Sen. Cynthia Lummis (R-WY) liked some aspects of FTX’s collapse to a Ponzi scheme, with the crypto exchange’s bankruptcy prompting her to review the crypto regulation bill she and Sen. Kirsten Gillibrand (D-NY) put forth in June.
“Certainly when you’re taking customer assets out of FTX, sending them over to shore up Alameda, that’s co-mingling assets that belong to your customers, that you are custody-ing for them— taking them and using them for your own purposes— borrowing from Peter to pay Paul,” the senator told Yahoo Finance in an interview Tuesday. “There are indications of some Ponzi scheme-like behavior. I think we’ll see regulators looking into this.”
FTX reportedly used its customer assets to shore up sister hedge fund Alameda Research’s liabilities. Alameda held a chunk of FTX’s illiquid token FTT, which plummeted in value after the world’s largest crypto exchange, Binance, said it was offloading the token, causing a run on the token and in turn FTX international.
“It was clearly activity that is within the regulatory parameters of the Lummis-Gillibrand bill that would have been illegal, and they would have been regulated,” she said of the events that led to FTX filing for bankruptcy on Friday.
Lummis, along with Gillibrand, introduced comprehensive legislation in June to regulate crypto that addresses consumer protection and privacy and offers a standard set of definitions for how cryptocurrencies should be regulated.
In light of FTX’s bankruptcy and the behavior that led to its implosion, Lummis says she will re-examine the bill.
“We’ll definitely review the bill under this to see that we have adequately protected consumers assets during a bankruptcy, protecting consumer assets from being co-mingled and making sure that our definitions are sufficiently tight,” said Lummis.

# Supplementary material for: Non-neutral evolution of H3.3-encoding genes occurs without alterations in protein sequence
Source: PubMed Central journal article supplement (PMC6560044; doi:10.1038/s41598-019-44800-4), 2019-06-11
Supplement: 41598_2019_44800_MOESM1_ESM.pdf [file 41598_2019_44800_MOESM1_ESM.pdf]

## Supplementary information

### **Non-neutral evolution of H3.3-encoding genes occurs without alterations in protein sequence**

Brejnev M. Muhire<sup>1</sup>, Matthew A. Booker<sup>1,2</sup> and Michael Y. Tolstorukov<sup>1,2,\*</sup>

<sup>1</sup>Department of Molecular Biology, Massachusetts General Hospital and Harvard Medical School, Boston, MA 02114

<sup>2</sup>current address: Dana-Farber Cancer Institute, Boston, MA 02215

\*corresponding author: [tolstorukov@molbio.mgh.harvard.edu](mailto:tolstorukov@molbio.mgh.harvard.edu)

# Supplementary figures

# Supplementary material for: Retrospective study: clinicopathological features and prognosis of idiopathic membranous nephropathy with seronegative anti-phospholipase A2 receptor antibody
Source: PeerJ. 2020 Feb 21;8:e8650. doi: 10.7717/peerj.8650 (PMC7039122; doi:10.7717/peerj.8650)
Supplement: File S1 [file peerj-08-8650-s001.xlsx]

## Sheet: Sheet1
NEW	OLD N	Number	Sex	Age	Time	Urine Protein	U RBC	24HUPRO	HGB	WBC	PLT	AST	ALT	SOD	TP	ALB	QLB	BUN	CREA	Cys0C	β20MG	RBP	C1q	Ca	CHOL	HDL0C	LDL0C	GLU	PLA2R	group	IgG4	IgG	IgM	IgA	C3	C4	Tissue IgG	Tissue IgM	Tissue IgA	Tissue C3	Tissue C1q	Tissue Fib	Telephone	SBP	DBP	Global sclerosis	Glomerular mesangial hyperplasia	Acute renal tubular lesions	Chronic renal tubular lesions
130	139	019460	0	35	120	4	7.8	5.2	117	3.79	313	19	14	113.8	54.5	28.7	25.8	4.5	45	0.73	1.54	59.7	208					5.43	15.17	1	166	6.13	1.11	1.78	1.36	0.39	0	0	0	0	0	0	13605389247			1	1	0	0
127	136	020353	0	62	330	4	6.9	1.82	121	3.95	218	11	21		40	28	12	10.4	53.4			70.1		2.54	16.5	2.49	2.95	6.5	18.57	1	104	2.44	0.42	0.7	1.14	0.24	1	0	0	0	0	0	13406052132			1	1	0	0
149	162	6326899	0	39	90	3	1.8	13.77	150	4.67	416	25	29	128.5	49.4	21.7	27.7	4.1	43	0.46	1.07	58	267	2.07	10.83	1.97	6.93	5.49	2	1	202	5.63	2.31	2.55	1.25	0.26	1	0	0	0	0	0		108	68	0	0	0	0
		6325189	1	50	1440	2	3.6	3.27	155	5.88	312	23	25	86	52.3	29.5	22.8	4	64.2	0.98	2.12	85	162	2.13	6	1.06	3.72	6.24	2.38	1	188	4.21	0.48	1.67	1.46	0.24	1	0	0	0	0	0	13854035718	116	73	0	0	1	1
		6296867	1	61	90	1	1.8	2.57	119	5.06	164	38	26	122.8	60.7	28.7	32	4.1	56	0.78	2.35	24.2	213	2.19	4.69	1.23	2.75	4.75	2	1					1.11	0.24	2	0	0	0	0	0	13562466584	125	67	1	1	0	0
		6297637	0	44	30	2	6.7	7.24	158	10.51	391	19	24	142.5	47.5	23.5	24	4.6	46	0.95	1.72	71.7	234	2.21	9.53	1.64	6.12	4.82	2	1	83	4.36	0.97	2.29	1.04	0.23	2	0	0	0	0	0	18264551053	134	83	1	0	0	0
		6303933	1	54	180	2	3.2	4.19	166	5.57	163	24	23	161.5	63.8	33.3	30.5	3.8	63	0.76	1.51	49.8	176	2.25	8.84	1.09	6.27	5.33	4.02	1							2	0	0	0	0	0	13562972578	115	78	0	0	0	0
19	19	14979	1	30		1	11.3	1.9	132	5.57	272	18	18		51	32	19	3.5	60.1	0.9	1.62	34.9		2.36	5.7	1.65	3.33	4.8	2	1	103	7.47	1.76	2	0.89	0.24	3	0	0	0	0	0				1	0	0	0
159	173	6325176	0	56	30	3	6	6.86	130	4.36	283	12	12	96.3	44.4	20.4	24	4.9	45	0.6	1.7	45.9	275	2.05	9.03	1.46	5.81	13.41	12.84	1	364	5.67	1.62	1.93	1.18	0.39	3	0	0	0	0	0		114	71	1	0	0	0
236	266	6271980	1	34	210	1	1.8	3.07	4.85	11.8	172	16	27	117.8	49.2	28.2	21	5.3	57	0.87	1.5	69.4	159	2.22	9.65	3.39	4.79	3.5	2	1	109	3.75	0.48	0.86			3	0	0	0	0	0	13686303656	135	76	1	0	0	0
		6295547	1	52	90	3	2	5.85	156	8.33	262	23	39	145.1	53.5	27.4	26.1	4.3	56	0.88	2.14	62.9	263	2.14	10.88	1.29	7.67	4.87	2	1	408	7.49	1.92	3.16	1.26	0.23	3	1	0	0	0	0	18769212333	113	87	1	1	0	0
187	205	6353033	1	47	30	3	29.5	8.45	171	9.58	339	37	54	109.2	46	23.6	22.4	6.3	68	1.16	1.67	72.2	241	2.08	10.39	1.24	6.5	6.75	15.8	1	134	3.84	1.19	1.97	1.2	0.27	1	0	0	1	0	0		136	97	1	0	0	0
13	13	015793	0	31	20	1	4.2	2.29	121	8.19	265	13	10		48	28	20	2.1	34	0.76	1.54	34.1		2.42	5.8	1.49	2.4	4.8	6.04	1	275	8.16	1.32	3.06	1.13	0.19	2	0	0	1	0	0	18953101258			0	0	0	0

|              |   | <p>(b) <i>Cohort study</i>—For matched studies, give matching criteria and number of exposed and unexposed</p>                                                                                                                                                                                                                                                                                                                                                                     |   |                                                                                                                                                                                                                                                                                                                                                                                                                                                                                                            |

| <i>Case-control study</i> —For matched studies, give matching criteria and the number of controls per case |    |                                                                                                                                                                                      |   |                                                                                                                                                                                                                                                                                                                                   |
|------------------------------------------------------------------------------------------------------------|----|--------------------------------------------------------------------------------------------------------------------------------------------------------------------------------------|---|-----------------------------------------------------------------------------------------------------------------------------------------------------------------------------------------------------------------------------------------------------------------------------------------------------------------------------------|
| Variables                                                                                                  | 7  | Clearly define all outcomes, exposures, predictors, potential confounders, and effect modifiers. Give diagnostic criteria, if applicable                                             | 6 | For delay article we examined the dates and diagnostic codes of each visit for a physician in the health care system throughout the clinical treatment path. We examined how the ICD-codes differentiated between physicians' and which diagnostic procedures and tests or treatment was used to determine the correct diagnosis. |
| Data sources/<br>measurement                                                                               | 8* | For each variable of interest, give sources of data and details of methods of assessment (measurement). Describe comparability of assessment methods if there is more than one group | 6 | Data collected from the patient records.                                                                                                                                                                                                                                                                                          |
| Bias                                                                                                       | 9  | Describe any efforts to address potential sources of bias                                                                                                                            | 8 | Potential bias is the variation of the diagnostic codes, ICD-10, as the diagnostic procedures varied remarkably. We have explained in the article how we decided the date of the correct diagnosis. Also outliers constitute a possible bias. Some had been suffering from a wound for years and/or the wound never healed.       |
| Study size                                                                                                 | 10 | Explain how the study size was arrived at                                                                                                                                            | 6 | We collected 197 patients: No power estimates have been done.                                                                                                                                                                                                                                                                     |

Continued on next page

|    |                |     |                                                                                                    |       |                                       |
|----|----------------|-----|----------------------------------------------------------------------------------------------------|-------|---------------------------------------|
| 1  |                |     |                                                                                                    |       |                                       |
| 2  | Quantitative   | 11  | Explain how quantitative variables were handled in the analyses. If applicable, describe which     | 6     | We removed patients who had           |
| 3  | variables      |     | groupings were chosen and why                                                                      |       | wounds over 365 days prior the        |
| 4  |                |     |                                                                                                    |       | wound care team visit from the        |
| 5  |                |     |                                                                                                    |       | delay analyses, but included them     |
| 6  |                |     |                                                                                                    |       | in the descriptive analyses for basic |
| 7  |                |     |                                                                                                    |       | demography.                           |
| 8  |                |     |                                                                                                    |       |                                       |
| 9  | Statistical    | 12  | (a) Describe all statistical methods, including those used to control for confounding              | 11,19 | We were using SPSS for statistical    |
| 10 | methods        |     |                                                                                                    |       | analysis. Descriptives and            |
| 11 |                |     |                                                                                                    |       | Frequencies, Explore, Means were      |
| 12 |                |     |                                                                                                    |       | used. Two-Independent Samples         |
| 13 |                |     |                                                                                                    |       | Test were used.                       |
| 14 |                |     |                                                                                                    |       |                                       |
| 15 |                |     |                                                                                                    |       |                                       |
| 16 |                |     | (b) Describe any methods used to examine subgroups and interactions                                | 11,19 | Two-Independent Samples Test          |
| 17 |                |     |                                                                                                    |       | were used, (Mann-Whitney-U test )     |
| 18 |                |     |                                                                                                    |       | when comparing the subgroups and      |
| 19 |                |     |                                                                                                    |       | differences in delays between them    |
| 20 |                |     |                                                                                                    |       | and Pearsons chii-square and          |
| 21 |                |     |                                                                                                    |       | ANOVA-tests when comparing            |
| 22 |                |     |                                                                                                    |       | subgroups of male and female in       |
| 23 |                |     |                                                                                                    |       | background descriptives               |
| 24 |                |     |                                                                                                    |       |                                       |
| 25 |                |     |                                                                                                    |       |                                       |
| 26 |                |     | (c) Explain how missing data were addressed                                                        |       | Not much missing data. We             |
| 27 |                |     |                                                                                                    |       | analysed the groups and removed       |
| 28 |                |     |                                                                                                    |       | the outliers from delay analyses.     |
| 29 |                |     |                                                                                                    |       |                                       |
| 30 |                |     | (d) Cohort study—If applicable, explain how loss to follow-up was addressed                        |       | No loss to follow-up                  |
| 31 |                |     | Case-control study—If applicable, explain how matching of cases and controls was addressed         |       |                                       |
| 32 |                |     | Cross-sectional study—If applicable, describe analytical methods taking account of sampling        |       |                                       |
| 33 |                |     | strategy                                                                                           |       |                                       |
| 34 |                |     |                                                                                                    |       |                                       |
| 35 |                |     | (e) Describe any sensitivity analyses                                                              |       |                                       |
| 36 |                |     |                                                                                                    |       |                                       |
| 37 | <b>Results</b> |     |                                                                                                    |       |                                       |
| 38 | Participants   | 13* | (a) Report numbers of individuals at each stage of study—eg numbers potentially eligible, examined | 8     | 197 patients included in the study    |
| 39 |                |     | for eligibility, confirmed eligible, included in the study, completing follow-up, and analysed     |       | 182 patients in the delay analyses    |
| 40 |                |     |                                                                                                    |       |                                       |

Lummis said the bill would require that there be separation of customer assets from non-customer assets, more consumer protection, more disclosure. The bill would also require customers to have 100% backing in the event of bankruptcy.
But Lummis said even as FTX culminates in one of the largest crypto bankruptcies with over 1 million creditors and calls to pass legislation to safeguard investors reach a fever pitch, the better course of action is to not rush, but evaluate legislation to ensure it has closed the gaps that allowed FTX’s behavior.
“I don’t think we need to do some sort of near-jerk reaction, do it immediately during the session that began this week,” Lummis said. “I think we have time to move in a very careful and deliberative manner in 2023.”
Lummis said she will be working with the Securities and Exchange Commission and the Commodity Futures Trading Commission on this legislation, which could be broken up into pieces given its breadth and sent to various committees of jurisdiction.
“We want to make sure we’re covering all of the bases with not only this bankruptcy, but the ability to protect consumers going forward, while at the same time allowing innovation to occur in this country,” Lummis said .
Jennifer covers the Federal Reserve, cryptocurrencies, and the intersection of business and politics. Follow her on Twitter @Jenniferisms.
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